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A History of the Gipsies by Walter Simson

Stewart called McRitchie to him

who lived, at one time, at Menstry, were related to the Lochgellie band, the answer which I received was: "The Tinklers are a' sib"--meaning that they are all connected with one another by the ties of blood, and considered as one family. This is a most powerful bond of union among these desperate clans, which almost bids defiance to the breaking up of their strongly cemented society. Old Charles Stewart was described to me as a stout, good-looking man, with a fair complexion; and I was informed that he lived to a great age. He affirmed, wherever he went, that he was a descendant of the royal Stewarts of Scotland. His descendants still assert that they are sprung from the royal race of Scotland. In support of this pretension, Stewart, in the year 1774, at a wedding, in the parish of Corstorphine, actually wore a large cocked hat, decorated with a beautiful plume of white feathers, in imitation of the white cockade of the Pretender. On this occasion, he wore a short coat, philabeg and purse, and tartan hose. He sometimes wore a piece of brass, as a star, on his left breast, with a cudgel in his hand. Such ridiculous attire corresponds exactly with the taste and ideas of a Gipsy.[104] These pretensions of Stewart are exactly of a piece with the usual Gipsy policy of making the people believe that they are descended from families of rank and influence in the country. At the same time, it cannot be denied that some of our Scottish kings, especially James V, the "Gaberlunzie-man,"[105] were far from being scrupulous or fastidious in their vague amours. As old Charles Stewart was, on one occasion, crossing the Forth, at Queensferry, chained to his son-in-law, Wilson, in charge of messengers, he, with considerable shame in his countenance, observed David McRitchie, whose father, as already mentioned, kept a first-rate inn at the north-side, and in which the Tinkler had frequently regaled himself with his merry companions. Stewart called McRitchie to him, and, taking five shillings out of his pocket, said to him, "Hae, Davie, there's five shillings to drink my health, man; I'll laugh at them a'." He did laugh at them all, for nothing could be proved against him and he was immediately set at liberty. It was, as Charles Graham said--"The auld thing again, but nae proof."[106]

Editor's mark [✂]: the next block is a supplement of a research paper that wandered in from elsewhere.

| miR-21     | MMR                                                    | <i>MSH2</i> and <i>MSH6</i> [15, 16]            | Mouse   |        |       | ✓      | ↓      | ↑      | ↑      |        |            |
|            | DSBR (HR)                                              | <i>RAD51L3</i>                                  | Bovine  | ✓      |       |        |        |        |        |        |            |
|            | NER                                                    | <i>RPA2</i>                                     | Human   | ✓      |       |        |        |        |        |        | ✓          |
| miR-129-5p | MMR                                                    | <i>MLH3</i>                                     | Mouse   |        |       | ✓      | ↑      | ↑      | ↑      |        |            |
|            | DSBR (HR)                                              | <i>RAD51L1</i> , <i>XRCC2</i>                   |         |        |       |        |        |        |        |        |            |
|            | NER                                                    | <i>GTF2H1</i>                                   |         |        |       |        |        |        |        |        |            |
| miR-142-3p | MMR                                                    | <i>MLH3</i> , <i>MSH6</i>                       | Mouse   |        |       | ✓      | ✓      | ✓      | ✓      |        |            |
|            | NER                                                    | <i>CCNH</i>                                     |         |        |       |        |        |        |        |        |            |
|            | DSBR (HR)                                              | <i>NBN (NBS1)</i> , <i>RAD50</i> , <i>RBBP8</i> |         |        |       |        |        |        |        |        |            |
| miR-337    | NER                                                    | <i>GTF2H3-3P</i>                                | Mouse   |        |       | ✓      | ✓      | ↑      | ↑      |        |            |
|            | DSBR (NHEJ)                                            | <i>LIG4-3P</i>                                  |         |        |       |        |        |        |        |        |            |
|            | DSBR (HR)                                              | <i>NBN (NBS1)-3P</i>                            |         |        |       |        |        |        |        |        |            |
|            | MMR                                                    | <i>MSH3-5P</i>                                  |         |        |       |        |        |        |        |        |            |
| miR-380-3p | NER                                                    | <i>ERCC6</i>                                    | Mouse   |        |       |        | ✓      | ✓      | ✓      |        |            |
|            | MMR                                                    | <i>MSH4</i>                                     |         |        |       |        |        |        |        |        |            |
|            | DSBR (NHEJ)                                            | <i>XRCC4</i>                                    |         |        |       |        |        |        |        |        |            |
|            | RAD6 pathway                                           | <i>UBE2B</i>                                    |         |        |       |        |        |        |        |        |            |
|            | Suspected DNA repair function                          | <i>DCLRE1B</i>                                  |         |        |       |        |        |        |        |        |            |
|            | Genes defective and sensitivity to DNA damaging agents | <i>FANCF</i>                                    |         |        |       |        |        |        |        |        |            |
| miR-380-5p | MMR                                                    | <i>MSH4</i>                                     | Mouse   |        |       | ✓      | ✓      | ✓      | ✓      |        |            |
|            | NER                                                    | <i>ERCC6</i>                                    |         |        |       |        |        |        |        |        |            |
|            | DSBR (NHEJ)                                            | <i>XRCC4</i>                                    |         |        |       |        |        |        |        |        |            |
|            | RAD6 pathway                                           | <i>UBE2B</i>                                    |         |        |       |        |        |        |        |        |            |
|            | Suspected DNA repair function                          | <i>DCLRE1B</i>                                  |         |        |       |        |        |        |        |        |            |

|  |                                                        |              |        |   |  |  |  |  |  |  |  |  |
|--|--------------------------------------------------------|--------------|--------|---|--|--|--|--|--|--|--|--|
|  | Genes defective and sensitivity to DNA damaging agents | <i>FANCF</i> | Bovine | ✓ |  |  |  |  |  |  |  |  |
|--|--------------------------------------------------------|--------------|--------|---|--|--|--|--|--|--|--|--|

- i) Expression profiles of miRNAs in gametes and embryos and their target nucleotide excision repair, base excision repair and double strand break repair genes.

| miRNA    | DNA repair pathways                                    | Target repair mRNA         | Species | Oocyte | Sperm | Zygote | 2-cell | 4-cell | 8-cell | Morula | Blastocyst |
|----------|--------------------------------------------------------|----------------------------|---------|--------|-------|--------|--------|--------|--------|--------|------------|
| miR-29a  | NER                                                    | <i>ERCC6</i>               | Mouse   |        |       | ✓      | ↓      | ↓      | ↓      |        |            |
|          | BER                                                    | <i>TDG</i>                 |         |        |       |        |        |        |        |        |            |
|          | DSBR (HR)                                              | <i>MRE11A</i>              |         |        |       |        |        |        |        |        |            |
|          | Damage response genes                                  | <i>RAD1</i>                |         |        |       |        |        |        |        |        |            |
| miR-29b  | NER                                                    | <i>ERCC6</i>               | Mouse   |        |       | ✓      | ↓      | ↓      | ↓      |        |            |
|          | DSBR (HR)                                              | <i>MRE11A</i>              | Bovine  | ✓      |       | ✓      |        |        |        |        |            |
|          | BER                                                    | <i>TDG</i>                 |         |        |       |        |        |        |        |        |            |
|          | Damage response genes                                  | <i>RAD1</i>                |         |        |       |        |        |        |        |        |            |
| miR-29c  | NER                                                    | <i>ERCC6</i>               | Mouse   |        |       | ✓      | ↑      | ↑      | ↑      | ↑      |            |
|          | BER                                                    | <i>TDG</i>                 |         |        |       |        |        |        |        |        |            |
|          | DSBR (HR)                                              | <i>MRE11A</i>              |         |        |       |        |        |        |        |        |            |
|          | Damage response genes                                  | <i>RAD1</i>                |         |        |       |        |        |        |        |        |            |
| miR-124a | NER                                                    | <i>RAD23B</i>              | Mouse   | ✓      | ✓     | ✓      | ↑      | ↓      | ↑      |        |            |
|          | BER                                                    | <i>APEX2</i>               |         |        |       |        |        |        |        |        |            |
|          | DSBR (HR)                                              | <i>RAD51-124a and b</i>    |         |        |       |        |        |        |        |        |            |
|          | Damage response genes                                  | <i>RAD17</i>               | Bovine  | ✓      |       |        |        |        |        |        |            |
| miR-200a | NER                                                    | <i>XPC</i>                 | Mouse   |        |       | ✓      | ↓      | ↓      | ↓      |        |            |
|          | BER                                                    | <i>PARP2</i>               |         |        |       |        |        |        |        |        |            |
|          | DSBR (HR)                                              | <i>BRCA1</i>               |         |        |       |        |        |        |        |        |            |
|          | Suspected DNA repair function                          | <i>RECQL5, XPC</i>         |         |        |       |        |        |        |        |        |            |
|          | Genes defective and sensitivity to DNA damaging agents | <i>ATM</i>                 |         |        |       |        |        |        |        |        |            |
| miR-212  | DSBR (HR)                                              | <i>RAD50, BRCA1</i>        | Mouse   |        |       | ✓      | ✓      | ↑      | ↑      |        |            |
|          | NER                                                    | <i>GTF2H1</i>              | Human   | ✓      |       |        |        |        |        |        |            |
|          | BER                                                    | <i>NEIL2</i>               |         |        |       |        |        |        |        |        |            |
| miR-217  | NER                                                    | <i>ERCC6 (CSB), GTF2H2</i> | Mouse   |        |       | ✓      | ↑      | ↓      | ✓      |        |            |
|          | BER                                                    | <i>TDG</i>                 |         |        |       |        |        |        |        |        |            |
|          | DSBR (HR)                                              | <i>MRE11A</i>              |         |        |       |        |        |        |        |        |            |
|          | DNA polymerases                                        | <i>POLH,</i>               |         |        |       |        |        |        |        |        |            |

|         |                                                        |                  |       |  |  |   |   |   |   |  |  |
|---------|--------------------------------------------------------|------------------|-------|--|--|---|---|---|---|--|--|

[103] It is interesting to notice that the three criminals who gave occasion to the Porteous mob, in 1736, were named Stewart, Wilson and Robertson. They were doubtless Gipsies of the above mentioned clans. Their crimes and modes of escape were quite in keeping with the character of the Gipsies.--ED.

[104] Grellmann, in giving an account of the attire of the poorer kind of Hungarian Gipsies, says: We are not to suppose however that they are indifferent about dress; on the contrary, they love fine clothes to an extravagant degree. Whenever an opportunity offers of acquiring a good coat, either by gift, purchase, or theft, the Gipsy immediately bestirs himself to become master of it. Possessed of the prize, he puts it on directly, without considering in the least whether it suits the rest of his apparel. If his dirty shirt had holes in it as big as a barn door, or his breeches so out of condition that any one might, at the first glance, perceive their antiquity; were he unprovided with shoes and stockings, or a covering for his head; none of these defects would prevent his strutting about in a laced coat, feeling himself of still greater consequence in case it happened to be a red one. They are particularly fond of clothes which have been worn by people of distinction, and will hardly ever deign to put on a boor's coat. They will rather go half naked, or wrap themselves up in a sack, than condescend to wear a foreign garb. Green is a favourite colour with the Gipsies, but scarlet is held in great esteem among them. It is the same with the Hungarian female Gipsies. In Spain, they hang all sorts of trumpery in their ears, and baubles around their necks.

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